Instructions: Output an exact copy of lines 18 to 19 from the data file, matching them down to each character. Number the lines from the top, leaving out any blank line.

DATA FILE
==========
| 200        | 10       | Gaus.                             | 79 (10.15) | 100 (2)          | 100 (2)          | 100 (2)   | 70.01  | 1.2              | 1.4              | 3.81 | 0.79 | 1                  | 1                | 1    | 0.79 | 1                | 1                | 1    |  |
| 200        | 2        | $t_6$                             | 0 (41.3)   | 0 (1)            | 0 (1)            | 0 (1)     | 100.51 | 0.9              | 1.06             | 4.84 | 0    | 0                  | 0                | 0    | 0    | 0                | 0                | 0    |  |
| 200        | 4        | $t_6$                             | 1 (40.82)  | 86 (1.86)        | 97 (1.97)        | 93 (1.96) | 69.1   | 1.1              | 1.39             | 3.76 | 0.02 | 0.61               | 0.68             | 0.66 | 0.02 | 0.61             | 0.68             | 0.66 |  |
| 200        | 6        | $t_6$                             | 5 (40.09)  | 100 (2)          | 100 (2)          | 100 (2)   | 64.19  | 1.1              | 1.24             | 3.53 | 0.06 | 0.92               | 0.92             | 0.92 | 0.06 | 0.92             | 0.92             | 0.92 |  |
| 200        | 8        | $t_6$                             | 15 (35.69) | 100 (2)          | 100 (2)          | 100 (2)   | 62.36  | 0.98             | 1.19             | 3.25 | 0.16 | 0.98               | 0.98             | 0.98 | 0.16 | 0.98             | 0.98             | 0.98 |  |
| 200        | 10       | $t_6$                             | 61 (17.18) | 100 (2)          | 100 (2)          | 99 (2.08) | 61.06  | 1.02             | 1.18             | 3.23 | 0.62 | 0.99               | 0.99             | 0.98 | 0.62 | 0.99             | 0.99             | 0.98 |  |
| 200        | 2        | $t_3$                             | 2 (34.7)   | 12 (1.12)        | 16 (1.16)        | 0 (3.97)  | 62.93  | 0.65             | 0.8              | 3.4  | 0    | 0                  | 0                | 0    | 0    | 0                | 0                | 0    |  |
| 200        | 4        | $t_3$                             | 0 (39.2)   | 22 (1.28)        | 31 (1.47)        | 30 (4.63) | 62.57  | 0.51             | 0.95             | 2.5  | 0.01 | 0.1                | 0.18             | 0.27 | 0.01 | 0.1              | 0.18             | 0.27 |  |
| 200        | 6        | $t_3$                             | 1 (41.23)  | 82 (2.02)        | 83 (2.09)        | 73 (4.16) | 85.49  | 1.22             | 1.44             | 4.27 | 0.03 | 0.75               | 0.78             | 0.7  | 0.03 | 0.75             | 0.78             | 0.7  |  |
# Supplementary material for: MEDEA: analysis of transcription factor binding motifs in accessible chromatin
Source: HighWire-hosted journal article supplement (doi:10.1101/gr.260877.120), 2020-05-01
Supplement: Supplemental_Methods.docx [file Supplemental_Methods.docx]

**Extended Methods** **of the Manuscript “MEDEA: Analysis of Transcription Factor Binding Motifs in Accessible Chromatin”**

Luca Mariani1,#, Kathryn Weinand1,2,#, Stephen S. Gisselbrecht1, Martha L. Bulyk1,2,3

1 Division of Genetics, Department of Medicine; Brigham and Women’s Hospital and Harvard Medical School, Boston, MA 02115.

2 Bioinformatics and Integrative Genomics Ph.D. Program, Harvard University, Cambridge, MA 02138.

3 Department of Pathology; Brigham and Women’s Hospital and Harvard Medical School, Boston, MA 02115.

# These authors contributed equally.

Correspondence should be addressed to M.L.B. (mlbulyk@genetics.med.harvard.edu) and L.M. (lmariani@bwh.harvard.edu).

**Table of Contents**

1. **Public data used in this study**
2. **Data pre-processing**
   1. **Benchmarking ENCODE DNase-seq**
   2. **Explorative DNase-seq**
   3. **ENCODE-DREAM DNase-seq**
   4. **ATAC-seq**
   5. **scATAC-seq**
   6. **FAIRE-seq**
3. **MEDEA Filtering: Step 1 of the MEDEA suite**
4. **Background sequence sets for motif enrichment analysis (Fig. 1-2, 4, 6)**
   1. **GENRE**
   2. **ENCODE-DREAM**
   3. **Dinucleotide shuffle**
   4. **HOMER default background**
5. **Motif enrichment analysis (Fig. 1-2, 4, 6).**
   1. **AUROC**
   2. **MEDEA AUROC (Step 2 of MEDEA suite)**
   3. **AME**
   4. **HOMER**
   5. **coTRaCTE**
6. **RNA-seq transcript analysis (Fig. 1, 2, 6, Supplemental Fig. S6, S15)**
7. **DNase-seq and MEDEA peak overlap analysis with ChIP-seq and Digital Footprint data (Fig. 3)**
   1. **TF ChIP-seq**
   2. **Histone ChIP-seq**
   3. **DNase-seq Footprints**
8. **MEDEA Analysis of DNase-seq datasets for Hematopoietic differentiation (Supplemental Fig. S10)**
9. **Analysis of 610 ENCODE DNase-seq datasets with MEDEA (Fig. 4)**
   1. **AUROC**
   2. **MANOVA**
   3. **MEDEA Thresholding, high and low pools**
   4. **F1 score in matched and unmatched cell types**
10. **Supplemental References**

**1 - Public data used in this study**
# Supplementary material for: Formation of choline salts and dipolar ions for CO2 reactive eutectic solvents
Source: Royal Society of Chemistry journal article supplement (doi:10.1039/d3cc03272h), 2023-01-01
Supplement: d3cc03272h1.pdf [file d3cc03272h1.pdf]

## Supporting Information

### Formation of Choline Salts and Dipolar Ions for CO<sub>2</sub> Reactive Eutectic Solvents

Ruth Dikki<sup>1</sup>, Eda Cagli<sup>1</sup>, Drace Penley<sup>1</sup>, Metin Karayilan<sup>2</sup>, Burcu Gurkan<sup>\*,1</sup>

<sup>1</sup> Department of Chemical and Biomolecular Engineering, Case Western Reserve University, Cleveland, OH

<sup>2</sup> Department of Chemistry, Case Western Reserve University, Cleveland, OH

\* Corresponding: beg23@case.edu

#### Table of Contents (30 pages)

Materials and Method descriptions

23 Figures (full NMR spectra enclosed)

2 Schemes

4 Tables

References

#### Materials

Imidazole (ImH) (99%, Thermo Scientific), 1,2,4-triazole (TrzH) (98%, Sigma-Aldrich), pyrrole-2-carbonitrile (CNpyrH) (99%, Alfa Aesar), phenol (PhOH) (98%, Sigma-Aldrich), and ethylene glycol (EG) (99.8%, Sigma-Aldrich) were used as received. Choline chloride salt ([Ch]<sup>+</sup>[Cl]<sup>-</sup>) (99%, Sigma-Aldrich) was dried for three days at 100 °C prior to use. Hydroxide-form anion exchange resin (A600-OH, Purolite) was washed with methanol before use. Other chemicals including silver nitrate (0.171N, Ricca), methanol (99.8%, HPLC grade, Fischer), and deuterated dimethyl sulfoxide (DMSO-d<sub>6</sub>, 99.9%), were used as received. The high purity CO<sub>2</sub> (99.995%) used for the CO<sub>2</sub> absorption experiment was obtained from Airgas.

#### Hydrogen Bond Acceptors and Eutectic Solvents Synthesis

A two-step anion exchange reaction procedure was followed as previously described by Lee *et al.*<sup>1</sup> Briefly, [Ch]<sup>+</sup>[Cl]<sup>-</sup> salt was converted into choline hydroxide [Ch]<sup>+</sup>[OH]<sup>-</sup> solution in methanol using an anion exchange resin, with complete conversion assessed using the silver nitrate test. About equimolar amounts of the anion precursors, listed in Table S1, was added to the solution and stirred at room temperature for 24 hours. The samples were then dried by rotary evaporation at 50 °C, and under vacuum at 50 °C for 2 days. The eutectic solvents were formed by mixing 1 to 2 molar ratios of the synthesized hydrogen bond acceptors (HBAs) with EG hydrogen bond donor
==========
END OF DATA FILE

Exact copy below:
# These authors contributed equally.

Correspondence should be addressed to M.L.B. (mlbulyk@genetics.med.harvard.edu) and L.M. (lmariani@bwh.harvard.edu).